Bard company: Caroline Barnett, Royal Shakespeare Company
20 October 2008
25 October 2004
25 July 2011
16 July 2012
16 August 2004
23 July 2012
Former actor Caroline Barnett has found the perfect role as the Royal Shakespeare Company’s general counsel. Tom Phillips reports.
Caroline Barnett knew she had it made when she won the general counsel role at the Royal Shakespeare Company (RSC). “It was a dream job,” she says.
The job is a world away from her days as an associate at Slaughter and May. An Equity card carrying former actor herself with roles as an extra in The Bill and Casualty, Barnett now takes centre stage as the sole legal player at the renowned theatre company dedicated to the world’s most famous playwright.
Barnett first cut her teeth in-house at a “fun” position working on the editorial side at Reuters almost 10 years ago. However, it was only when she sat at her desk in a converted dressing room at the RSC that she felt truly at home.
“I saw the ad in The Lawyer and if ever there was a job with my name on it, it was this one,” she says. “The position was a way of putting together the two parts of me in a creative environment. If you work in-house then you have to be passionate about what you do: in a theatre company that does Shakespeare, I have the perfect job.”
Barnett describes the RSC as a “cottage industry” and her position as more akin to a corporate in-house lawyer than one may at first suspect. With more than 700 employees and £30m a year in turnover, the projects she works on are varied. There are not many organisations that can claim to have an armoury, after all.
“I get a lot of oddball work that comes up due to the nature of the business,” admits Barnett. Two years ago when she was called on to perform a defamation reading on new play Breakfast with Mugabe, Barnett received a worrying call that the Zimbabwe dictator’s ‘security advisers’ were watching from the front row.
Being the only member of the legal department, Barnett is involved in everything from contract work with new venues and negotiating agreements with the Writers’ Guild of Great Britain, to an ongoing £100m redevelopment of the RSC theatre in Stratford-upon-Avon. The breadth of her work ranges from intellectual property to government lobbying to general commercial work.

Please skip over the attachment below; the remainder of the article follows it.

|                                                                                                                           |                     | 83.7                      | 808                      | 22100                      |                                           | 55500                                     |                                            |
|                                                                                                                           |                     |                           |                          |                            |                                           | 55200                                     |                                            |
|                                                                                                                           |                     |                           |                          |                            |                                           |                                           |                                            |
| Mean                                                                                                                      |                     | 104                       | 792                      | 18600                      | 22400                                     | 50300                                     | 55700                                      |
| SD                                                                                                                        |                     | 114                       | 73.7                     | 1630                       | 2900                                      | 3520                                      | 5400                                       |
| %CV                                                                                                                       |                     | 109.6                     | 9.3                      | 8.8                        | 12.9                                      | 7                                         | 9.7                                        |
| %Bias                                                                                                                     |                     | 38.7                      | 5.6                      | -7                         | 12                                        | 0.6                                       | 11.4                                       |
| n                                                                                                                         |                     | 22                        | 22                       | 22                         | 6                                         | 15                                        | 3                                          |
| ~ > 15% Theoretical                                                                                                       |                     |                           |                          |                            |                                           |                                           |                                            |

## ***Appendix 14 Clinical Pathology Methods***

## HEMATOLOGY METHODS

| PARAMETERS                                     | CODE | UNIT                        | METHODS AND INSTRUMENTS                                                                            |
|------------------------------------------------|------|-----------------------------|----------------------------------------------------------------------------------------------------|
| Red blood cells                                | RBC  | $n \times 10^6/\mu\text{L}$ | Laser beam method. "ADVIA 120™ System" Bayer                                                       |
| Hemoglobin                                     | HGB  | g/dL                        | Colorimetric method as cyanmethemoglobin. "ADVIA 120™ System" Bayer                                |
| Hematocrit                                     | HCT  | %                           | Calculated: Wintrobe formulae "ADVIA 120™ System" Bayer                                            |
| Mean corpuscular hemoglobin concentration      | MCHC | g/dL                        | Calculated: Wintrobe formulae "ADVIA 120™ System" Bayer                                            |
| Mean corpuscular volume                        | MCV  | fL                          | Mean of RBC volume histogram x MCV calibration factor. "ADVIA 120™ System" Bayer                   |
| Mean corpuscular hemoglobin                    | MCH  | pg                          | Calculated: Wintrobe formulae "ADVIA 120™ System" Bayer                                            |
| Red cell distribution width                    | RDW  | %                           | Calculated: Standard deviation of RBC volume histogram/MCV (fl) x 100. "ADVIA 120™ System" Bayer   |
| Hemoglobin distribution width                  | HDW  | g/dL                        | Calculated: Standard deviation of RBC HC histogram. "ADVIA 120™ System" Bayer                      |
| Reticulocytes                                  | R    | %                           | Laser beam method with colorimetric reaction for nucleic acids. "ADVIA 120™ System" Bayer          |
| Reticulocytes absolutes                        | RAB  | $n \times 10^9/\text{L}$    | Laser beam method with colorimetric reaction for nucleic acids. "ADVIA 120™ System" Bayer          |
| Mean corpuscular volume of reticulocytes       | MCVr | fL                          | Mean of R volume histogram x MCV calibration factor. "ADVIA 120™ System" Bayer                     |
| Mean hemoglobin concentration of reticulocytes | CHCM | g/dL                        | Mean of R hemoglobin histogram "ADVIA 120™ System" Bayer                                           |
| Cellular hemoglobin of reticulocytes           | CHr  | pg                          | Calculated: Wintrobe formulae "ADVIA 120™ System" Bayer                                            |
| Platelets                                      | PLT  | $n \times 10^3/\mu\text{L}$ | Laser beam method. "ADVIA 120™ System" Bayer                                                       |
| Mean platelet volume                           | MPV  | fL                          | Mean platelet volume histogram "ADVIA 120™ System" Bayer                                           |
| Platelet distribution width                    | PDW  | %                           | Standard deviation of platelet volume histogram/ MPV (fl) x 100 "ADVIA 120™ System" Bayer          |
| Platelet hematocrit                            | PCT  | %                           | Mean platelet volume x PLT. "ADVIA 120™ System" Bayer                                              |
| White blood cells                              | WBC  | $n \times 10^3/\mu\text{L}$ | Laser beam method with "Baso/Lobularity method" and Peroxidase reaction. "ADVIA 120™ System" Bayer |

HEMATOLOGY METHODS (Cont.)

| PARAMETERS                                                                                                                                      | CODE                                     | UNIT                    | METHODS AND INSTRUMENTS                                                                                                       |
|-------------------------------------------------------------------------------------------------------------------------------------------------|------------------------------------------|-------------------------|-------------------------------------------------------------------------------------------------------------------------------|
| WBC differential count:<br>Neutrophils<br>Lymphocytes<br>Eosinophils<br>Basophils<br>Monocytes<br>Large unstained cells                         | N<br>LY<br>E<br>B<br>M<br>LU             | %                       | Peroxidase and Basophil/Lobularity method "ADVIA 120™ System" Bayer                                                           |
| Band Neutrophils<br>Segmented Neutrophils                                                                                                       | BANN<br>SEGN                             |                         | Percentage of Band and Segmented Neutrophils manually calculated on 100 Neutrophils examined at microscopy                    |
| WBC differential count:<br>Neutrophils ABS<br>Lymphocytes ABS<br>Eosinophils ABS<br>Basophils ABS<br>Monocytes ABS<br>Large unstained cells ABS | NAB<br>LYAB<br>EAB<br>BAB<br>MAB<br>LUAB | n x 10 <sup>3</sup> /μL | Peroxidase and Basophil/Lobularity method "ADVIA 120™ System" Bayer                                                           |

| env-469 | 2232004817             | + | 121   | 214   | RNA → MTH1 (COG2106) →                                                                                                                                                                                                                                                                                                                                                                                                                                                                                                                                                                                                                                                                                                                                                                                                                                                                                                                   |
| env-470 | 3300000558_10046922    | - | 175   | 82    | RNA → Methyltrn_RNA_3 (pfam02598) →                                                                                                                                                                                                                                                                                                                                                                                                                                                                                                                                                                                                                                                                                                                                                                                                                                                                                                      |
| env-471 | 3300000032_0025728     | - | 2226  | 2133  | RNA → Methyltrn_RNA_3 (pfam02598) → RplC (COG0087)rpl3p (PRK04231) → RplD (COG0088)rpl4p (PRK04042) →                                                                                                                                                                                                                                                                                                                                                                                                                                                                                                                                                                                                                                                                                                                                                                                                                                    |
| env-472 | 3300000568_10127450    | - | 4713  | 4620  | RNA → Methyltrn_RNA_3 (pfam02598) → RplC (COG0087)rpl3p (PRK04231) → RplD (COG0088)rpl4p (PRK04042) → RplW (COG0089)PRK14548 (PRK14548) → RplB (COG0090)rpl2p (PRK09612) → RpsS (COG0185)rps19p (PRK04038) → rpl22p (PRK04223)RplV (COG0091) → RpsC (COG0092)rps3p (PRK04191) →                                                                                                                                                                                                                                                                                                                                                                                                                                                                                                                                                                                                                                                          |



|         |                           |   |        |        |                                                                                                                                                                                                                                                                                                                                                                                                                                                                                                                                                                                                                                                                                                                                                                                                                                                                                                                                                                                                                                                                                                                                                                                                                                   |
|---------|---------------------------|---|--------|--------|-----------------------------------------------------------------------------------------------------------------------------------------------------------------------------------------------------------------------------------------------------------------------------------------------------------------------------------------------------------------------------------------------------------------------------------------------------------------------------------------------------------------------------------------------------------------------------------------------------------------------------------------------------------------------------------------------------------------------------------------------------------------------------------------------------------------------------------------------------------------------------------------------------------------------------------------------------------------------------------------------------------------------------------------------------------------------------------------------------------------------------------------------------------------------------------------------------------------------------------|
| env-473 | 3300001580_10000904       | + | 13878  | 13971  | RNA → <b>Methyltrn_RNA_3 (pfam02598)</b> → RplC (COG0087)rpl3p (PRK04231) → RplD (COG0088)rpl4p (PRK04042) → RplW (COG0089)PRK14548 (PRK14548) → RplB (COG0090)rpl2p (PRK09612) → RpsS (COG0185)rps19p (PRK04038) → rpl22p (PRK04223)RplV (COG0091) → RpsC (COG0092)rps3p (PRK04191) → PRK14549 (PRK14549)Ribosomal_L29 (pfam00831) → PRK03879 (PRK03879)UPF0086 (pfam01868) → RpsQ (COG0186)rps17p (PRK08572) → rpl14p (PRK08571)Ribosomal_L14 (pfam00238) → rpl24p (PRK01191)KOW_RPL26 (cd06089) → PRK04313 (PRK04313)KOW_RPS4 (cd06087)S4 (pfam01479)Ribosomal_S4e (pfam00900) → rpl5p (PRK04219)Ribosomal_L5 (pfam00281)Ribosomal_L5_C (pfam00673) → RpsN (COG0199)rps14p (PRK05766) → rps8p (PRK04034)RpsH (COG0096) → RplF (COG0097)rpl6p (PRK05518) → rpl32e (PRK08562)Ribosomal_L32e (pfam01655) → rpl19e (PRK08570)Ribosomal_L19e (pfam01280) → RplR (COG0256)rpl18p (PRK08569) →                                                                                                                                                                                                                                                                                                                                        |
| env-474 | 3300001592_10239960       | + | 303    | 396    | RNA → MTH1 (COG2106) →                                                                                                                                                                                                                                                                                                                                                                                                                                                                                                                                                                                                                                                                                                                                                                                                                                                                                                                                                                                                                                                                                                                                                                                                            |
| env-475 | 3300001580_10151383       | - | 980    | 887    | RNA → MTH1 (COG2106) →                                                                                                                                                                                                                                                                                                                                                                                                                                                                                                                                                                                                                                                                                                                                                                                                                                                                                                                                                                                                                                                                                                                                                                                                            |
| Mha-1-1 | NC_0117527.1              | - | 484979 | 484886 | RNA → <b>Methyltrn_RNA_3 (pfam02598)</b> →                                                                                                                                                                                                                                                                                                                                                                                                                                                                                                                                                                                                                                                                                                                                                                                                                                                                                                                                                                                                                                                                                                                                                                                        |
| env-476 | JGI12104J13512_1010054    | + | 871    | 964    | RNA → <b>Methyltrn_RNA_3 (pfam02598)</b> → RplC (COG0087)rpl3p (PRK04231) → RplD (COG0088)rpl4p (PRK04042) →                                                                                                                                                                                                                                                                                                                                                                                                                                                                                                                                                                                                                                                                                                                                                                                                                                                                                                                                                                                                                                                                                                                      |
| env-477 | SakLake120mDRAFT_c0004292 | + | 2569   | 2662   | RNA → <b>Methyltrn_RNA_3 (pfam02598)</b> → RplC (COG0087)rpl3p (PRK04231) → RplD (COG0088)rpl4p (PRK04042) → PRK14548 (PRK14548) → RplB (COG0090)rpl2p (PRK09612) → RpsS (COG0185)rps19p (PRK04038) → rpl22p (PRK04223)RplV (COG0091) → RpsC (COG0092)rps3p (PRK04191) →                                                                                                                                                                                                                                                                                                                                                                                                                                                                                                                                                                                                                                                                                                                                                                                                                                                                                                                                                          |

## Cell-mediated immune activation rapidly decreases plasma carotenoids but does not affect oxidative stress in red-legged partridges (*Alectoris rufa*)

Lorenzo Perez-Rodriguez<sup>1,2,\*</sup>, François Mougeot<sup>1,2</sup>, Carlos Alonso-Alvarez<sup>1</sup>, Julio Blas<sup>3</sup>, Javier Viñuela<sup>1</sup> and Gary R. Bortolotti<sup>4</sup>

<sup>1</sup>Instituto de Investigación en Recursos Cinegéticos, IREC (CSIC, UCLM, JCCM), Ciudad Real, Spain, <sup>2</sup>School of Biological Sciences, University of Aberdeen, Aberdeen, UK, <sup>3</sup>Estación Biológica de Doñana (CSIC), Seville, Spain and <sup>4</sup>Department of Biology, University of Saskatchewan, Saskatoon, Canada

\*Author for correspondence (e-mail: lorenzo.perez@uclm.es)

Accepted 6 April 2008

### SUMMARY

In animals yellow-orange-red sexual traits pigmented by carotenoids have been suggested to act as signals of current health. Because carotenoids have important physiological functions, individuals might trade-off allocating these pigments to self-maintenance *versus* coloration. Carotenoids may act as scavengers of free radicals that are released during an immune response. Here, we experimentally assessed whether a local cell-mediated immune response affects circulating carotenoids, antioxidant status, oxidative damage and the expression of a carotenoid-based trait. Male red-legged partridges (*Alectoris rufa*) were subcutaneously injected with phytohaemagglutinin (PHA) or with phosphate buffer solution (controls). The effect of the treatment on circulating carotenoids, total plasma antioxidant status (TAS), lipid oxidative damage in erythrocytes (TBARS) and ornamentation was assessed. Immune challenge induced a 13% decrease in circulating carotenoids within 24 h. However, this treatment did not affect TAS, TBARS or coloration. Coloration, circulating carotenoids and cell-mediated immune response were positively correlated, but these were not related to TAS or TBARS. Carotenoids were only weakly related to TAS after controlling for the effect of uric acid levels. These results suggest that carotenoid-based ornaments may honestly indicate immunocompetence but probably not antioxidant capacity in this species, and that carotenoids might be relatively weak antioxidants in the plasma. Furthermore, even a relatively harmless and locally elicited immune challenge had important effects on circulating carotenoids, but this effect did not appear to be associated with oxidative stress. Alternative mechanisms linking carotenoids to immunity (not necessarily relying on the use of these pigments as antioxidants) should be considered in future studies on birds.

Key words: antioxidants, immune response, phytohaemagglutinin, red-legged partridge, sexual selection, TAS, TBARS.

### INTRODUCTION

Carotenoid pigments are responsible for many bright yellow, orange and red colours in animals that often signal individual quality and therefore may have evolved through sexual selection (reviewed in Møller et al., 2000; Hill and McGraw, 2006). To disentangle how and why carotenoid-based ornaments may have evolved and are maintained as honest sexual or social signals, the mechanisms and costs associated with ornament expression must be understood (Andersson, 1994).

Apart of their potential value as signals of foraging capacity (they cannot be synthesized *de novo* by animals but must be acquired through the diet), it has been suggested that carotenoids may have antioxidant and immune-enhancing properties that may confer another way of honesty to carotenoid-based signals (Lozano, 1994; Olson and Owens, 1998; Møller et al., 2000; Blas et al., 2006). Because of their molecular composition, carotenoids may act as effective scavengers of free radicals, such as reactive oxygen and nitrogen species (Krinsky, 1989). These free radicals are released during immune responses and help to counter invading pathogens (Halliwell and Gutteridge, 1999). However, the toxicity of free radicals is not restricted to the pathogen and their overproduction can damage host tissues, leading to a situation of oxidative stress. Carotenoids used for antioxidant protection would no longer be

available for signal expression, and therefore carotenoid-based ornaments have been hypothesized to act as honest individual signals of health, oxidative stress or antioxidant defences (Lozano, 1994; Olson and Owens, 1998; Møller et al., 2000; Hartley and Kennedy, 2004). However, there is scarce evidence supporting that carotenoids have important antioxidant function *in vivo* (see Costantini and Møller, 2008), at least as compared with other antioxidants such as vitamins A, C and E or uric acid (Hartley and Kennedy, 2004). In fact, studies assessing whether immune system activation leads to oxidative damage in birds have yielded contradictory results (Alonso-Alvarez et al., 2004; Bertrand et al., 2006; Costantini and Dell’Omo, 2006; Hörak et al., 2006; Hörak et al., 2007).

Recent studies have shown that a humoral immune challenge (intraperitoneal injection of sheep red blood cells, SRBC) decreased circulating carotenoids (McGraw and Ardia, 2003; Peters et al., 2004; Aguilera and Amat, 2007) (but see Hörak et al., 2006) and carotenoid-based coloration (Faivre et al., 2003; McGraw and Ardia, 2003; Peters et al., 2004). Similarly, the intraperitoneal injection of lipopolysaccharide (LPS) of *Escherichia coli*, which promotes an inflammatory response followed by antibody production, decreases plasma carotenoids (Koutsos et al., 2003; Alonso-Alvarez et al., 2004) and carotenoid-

She has recently written to eBay asking the auction website to tackle the growing problem of people selling play tickets at inflated prices. Tickets for Hamlet, starring David ‘Doctor Who’ Tennant, were going for as much as £800 online, while the RSC deliberately keeps prices low to attract a diverse audience.
“We’re trying to encourage the Government to earmark tickets for 12-to-15-year-olds at £5 each,” she adds.
When The Lawyer met Barnett she was in the midst of working with a member of the RSC lighting team to market and patent a new piece of kit, dubbed the ‘RSC LightLock’.
“As a charity we’re interested in anything that could make us money and we’re working on a tender package for commercial partners,” she says.
Being the thespian’s theatre company of choice has its advantages. At a recent trade show the LightLock inventors called on none other than RSC honorary associate artist Patrick Stewart for help, with Stewart duly recording a promotional ad that was played at the RSC stand.
In the unlikely event that Barnett needs external legal help, she calls on Bates Wells & Braithwaite for theatre and entertainment work, Foot Anstey for employment, Wragge & Co for property and Linklaters, which recently supported the theatre transformation project.
Firms do sometimes offer pro bono help, not least because Barnett has set up the Arts Law Forum, a 16-member informal group of lawyers, producers and business developers – including workers from the Royal Opera House and Southbank Centre – who hold seminars with law firms.
“We work on a limited budget and often there isn’t specific training for people like us,” says Barnett. “We don’t have colleagues so it gives us an opportunity to discuss issues that come up. Sometimes the law firm will come away with something.”
For all her projects, there is one thing Barnett has not yet achieved – The Two Noble Kinsmen. The last play is attributed to Shakespeare (and Fletcher) and is the only one that Barnett has not seen performed. It is the last gap to fill before she has the complete works.
Name: Caroline Barnett
Organisation: Royal Shakespeare Company
Reporting to: Executive director Vikki Heywood
Company turnover: £30m
Total number of employees: 700
Total legal capability: One
Main external law firms: Bates Wells & Braithwaite, Foot Anstey, Linklaters, Wragge & Co
Caroline Barnett’s CV
1985-88: Oxford University
1991-92: University of Westminster
1992-93: College of Law, Lancaster Gate
Work history: 1993-95: Trainee, Slaughter and May
1995-99: Assistant, Slaughter and May
1999-2003: IP counsel, Reuters
2003-present: General counsel, Royal Shakespeare Company